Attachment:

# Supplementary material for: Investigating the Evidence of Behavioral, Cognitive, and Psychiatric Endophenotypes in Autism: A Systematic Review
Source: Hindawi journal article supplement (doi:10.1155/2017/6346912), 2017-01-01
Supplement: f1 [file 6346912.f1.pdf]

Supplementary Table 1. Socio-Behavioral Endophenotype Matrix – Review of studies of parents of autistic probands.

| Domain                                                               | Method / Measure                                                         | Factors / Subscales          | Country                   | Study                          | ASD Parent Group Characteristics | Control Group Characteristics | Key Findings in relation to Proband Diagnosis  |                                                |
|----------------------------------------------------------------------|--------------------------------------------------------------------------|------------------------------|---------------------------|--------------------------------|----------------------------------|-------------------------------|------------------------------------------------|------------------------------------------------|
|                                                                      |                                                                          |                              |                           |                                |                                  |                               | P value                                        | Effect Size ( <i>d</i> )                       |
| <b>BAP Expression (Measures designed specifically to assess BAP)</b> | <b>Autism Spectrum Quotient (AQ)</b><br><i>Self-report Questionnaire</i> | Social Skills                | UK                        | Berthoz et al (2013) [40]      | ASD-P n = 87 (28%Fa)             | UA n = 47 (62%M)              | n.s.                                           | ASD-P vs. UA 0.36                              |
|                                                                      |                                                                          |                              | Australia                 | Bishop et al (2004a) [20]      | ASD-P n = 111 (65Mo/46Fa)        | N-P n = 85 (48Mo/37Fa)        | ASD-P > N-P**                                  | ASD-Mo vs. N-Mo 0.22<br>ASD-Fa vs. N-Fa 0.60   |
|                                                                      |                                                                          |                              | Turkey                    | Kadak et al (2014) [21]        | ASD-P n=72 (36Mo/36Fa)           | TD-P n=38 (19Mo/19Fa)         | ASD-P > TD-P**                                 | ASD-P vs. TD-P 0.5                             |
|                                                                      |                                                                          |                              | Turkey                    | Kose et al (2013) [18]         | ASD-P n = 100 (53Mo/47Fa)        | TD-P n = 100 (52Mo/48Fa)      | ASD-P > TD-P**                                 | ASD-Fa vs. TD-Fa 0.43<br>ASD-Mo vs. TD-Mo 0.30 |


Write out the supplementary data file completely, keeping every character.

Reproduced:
# Supplementary material for: Investigating the Evidence of Behavioral, Cognitive, and Psychiatric Endophenotypes in Autism: A Systematic Review
Source: Hindawi journal article supplement (doi:10.1155/2017/6346912), 2017-01-01
Supplement: f1 [file 6346912.f1.pdf]

Supplementary Table 1. Socio-Behavioral Endophenotype Matrix – Review of studies of parents of autistic probands.

| Domain                                                               | Method / Measure                                                         | Factors / Subscales          | Country                   | Study                          | ASD Parent Group Characteristics | Control Group Characteristics | Key Findings in relation to Proband Diagnosis  |                                                |
|----------------------------------------------------------------------|--------------------------------------------------------------------------|------------------------------|---------------------------|--------------------------------|----------------------------------|-------------------------------|------------------------------------------------|------------------------------------------------|
|                                                                      |                                                                          |                              |                           |                                |                                  |                               | P value                                        | Effect Size ( <i>d</i> )                       |
| <b>BAP Expression (Measures designed specifically to assess BAP)</b> | <b>Autism Spectrum Quotient (AQ)</b><br><i>Self-report Questionnaire</i> | Social Skills                | UK                        | Berthoz et al (2013) [40]      | ASD-P n = 87 (28%Fa)             | UA n = 47 (62%M)              | n.s.                                           | ASD-P vs. UA 0.36                              |
|                                                                      |                                                                          |                              | Australia                 | Bishop et al (2004a) [20]      | ASD-P n = 111 (65Mo/46Fa)        | N-P n = 85 (48Mo/37Fa)        | ASD-P > N-P**                                  | ASD-Mo vs. N-Mo 0.22<br>ASD-Fa vs. N-Fa 0.60   |
|                                                                      |                                                                          |                              | Turkey                    | Kadak et al (2014) [21]        | ASD-P n=72 (36Mo/36Fa)           | TD-P n=38 (19Mo/19Fa)         | ASD-P > TD-P**                                 | ASD-P vs. TD-P 0.5                             |
|                                                                      |                                                                          |                              | Turkey                    | Kose et al (2013) [18]         | ASD-P n = 100 (53Mo/47Fa)        | TD-P n = 100 (52Mo/48Fa)      | ASD-P > TD-P**                                 | ASD-Fa vs. TD-Fa 0.43<br>ASD-Mo vs. TD-Mo 0.30 |